The Civilian Complaint Review Board has investigated tens of thousands of complaints against New York City police officers since 1993, from use of excessive force to offensive language. But now the board will oversee a new form of complaint it hasn’t really taken on before — sexual misconduct allegations.
In the past, anyone accusing an officer of sexual misconduct had those allegations forwarded to the New York Police Department’s internal affairs bureau. In fact, in 2016 and the first half of last year, the agency referred 117 of those cases to that department, according to CCRB executive director Jonathan Darche.
But that changed in February when the board voted unanimously to begin investigating complaints of sexual harassment — from inappropriate comments to stopping a civilian to flirt with them — with plans of expanding its oversight to include allegations of sexual assault once a training program is developed for a select group of experienced senior investigators at the CCRB.
“We determined that our investigators are qualified … to investigate claims of sexual harassment because they are very similar to allegations of discourtesy and offensive language that we are investigating right now,” Darche said.
It’s not a change expected to affect the 50th Precinct too much, said its commanding officer, Terence O’Toole.
“We had a lawsuit about it, and everyone’s been trained about it, and everyone knows it’s not a thing to do,” O’Toole said about sexual harassment in the workplace. “Do people still do it? Sure. We do have people who don’t think, for whatever reason. And if they’re not doing the right thing, if they’re not being within the rules, punishment is due.”
But as women and men across the country have come forward against sexual harassment, O’Toole’s department has seen an increase in the number of reported serious sex crimes, including rape.
“We kind of noticed, throughout the city, the whole ‘Me Too’ movement, for lack of a better term,” O’Toole said, noting the 50th Precinct recorded five reported rapes this year as of March 18, up four from the same time last year.
“It’s all part of increased awareness,” O’Toole added. “A lot of them are coming from the special victims unit. I think the problem has been that it’s been underreported for years, particularly in a domestic violence situation.”
But when it comes to accusations against officers, one key tool in collecting evidence is now rolling out across the NYPD — body-worn cameras on patrol officers.
Yet even that program already is facing problems, primarily because there likely is not enough computer server space to store all the video footage, said Frederick Davie, CCRB’s acting chair, in his March 12 budget testimony to the city council’s public safety committee.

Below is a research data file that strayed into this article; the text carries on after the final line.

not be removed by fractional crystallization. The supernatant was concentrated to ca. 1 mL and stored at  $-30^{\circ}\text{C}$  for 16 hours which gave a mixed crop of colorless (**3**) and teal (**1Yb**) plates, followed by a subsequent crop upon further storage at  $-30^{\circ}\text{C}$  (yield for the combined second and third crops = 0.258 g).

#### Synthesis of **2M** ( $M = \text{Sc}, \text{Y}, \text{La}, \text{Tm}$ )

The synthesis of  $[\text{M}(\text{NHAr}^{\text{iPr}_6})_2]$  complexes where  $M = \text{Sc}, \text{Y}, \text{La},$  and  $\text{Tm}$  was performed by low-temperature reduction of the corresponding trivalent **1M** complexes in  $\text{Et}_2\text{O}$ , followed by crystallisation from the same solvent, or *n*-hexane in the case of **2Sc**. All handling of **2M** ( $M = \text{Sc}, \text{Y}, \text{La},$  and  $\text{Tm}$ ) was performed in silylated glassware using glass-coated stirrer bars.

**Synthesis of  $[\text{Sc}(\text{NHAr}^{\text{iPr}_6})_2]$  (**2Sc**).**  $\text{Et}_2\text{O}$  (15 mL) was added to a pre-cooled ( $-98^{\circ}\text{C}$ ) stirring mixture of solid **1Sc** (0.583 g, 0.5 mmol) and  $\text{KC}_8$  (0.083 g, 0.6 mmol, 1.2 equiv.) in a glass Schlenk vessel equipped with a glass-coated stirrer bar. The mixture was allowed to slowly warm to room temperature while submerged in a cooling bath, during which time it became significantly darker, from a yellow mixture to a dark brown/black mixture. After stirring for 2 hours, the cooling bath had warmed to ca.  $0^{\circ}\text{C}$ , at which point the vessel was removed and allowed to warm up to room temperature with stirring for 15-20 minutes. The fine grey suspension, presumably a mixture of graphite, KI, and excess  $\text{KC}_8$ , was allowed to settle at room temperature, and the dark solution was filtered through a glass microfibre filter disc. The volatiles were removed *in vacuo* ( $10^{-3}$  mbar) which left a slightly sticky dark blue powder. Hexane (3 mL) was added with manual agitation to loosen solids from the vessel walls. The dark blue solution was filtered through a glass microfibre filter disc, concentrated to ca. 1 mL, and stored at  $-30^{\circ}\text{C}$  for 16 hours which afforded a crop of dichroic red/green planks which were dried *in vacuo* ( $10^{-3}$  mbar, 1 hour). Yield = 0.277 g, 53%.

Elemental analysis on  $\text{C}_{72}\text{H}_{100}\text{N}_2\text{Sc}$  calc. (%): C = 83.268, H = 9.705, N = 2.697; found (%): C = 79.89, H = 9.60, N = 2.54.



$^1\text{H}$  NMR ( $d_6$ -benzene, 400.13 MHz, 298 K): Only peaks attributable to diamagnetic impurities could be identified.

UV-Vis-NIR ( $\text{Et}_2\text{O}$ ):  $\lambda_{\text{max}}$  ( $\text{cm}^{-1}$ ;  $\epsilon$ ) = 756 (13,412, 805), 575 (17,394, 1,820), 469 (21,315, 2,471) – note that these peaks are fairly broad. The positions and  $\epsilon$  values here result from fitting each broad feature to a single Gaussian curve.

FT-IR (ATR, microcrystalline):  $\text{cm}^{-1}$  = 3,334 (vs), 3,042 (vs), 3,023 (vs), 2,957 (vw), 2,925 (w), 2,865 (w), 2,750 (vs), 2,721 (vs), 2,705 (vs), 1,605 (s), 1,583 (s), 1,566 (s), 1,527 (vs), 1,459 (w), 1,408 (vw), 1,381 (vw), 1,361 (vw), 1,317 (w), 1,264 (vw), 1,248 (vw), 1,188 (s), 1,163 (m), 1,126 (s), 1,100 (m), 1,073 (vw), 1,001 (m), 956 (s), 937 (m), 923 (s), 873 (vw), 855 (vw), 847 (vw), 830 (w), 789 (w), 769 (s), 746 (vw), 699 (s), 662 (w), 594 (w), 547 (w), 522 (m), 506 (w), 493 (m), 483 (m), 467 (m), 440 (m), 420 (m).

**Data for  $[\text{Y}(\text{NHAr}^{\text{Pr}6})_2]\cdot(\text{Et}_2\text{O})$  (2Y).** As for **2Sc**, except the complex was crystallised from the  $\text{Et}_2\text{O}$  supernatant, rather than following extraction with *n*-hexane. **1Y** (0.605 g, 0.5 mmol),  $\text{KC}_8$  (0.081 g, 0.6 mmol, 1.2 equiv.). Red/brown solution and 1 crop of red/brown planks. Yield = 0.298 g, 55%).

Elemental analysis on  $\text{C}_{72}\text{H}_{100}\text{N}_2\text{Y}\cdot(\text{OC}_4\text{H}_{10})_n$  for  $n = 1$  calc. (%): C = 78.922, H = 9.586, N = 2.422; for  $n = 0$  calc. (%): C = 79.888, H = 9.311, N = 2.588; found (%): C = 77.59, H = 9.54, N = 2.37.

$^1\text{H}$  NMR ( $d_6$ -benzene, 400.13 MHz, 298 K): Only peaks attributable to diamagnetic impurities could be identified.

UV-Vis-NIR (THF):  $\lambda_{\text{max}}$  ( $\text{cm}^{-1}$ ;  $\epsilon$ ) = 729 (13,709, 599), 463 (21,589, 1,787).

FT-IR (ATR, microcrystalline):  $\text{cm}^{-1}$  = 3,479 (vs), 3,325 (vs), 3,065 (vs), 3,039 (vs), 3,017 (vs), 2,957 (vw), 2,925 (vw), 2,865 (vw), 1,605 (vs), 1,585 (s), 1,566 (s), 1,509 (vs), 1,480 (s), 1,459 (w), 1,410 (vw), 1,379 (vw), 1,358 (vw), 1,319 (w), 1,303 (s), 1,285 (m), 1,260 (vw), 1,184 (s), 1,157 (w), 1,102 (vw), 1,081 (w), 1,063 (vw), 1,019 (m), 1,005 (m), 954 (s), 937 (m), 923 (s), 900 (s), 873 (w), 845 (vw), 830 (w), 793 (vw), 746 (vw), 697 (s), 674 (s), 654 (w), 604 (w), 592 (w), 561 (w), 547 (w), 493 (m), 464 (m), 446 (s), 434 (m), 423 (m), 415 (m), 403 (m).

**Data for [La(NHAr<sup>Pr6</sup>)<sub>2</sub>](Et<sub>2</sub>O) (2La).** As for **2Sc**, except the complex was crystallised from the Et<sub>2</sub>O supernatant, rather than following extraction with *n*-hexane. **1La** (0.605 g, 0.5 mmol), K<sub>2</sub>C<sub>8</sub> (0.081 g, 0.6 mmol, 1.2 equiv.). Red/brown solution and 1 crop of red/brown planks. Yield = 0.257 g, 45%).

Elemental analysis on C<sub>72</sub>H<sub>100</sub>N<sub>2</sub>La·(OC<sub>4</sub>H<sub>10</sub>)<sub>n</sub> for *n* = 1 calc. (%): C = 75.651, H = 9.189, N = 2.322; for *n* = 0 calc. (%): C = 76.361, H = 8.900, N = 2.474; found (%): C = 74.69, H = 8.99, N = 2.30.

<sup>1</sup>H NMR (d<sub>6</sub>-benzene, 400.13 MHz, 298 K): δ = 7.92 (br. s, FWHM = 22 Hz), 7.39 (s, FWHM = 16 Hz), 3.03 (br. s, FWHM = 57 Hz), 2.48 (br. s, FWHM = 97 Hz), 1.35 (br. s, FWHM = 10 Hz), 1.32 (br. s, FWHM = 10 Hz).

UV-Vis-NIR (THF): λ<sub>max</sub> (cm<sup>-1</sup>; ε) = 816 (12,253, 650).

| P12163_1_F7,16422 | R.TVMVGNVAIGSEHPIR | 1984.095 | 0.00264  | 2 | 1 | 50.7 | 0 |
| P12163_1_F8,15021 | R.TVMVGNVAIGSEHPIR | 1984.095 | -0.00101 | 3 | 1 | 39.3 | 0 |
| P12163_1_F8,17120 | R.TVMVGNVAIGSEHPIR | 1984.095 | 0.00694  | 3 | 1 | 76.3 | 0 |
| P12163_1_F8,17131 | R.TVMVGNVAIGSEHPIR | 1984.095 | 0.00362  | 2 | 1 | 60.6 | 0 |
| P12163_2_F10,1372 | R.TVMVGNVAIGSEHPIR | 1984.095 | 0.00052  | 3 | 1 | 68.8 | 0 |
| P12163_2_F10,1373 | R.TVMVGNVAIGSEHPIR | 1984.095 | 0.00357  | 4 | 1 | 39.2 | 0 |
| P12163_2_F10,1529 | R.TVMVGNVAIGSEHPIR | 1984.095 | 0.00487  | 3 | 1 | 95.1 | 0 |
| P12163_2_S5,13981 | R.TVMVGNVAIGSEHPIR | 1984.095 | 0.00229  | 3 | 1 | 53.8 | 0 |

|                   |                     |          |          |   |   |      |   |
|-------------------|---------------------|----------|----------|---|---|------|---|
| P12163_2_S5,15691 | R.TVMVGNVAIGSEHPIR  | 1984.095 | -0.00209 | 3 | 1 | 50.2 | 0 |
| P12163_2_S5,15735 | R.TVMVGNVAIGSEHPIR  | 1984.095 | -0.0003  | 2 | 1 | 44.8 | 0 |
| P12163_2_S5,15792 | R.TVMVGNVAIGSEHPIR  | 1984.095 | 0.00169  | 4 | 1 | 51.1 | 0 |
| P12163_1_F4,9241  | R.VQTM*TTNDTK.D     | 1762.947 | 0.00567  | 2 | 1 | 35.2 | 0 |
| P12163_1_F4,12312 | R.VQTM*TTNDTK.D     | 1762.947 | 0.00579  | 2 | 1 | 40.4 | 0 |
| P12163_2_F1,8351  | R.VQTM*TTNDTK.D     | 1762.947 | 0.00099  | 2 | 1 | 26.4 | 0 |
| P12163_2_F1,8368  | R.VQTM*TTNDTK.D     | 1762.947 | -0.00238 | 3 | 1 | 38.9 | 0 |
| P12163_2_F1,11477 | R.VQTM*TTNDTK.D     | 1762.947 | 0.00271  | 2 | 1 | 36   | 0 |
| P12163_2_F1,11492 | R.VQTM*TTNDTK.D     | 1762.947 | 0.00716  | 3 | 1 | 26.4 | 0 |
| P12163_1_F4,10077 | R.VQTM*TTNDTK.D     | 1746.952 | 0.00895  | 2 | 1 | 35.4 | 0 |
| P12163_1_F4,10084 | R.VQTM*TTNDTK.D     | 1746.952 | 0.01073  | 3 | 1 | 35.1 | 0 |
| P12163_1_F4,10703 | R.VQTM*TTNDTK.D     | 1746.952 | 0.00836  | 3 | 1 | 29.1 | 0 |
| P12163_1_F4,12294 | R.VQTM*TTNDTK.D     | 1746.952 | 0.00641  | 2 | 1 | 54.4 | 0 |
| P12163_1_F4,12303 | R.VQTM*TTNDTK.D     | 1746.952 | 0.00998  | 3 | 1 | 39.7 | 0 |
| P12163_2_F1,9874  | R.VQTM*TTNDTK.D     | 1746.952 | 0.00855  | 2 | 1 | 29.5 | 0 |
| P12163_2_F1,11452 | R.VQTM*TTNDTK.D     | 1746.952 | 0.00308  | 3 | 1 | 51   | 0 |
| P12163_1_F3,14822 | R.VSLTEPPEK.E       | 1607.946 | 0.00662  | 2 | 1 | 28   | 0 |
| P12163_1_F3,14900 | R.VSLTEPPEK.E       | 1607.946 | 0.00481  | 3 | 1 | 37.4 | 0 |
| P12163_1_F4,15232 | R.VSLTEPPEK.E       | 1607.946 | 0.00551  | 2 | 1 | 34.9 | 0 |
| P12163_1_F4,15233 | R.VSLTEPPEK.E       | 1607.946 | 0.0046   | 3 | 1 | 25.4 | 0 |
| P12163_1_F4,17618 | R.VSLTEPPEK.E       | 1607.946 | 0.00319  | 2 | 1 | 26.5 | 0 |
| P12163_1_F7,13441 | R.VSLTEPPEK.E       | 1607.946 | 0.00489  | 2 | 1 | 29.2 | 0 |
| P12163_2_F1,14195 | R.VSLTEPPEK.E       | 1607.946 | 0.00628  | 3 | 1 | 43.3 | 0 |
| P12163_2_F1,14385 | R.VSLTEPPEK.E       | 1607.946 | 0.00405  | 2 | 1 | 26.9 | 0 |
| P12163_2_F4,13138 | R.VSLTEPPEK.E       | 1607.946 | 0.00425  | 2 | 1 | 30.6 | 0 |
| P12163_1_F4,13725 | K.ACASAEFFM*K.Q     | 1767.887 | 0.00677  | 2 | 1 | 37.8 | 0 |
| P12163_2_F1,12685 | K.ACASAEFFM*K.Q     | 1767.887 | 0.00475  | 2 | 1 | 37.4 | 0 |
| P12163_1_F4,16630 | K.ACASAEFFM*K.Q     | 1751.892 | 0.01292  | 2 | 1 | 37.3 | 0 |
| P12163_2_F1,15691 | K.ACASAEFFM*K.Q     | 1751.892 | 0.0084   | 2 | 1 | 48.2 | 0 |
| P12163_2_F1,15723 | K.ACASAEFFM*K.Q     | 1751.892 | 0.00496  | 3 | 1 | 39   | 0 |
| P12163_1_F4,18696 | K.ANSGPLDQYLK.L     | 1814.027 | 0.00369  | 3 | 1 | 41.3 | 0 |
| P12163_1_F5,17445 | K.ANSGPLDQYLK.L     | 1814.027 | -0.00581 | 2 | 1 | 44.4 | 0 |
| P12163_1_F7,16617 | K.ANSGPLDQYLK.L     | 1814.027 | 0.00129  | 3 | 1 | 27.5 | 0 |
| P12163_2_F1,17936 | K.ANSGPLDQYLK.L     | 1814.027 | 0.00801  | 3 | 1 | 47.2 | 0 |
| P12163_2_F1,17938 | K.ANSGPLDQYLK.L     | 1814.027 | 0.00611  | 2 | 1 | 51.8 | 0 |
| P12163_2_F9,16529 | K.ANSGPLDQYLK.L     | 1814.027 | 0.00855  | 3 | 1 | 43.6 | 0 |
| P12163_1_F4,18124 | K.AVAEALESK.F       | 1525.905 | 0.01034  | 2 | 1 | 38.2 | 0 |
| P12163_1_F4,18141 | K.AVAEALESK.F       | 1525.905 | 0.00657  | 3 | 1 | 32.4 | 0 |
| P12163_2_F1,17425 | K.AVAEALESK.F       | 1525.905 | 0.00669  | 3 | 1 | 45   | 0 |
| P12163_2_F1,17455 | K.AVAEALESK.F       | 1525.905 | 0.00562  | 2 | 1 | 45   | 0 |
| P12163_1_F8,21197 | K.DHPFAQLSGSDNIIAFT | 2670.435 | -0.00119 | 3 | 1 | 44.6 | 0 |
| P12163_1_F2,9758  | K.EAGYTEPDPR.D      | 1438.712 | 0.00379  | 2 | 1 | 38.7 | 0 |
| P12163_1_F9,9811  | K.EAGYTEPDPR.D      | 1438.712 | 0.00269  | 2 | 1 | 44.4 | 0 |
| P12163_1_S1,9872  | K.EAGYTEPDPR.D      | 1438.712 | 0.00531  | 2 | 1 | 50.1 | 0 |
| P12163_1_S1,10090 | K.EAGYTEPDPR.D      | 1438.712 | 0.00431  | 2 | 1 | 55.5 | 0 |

At current rates, the agency is anticipated to run out of computer storage space in less than three years. But the more patrol officers who are equipped with cameras, the shorter that timeline becomes.
Yet, these bodycams are important, Davie said. They not only work to protect those police interact with — but they can also protect the officers themselves, gathering evidence that could be used to counter claims against them.
By early February, the NYPD had rolled out body-worn cameras to at least one tour of duty at 24 different precincts citywide, Davie said. The CCRB requested body camera footage in 165 complaints last year, a number that’s expected to grow as the program expands this year to include all patrol officers.
And right here in the 50th, the program launched March 20, according to O’Toole.
“Right now I think we’re averaging four or five videos a day,” O’Toole said. “They’re running about eight to 10 minutes, but that’s a very low sample,” because the program had been active for less than a week as of last Friday.
Training in how to use the cameras is ongoing, and “we have a lot of guys out there with cameras,” O’Toole said. “We actually encountered somebody burglarizing a house in Marble Hill and we have him on video inside the house. So these videos are going to be a great prosecution tool. They’re going to put people away.”
Patrol officers received a single day of training at the police academy that focused on how to use the cameras and manage the video. After that, officers undergo 90 days of field training in which sergeants review and correct any mistakes, according to a 2017 NYPD report.
For its part, overall, the CCRB received nearly 4,500 complaints in 2017, a nearly 5 percent increase from the previous year. It’s also the first time complaints increased since 2009.
“We don’t know why complaints went up,” Darche said. “We hope it is because of all the outreach we’ve done.”
Some of that outreach is coming from the 50th, yet O’Toole would like to see more dialogue between his department and people of parts of its jurisdiction like Kingsbridge and Marble Hill.
“When we have a community meeting, come and say hello,” O’Toole said. “You can come and voice your opinion and talk to us and say, ‘Listen, this is the problems we have.’”
No meetings are currently scheduled, however.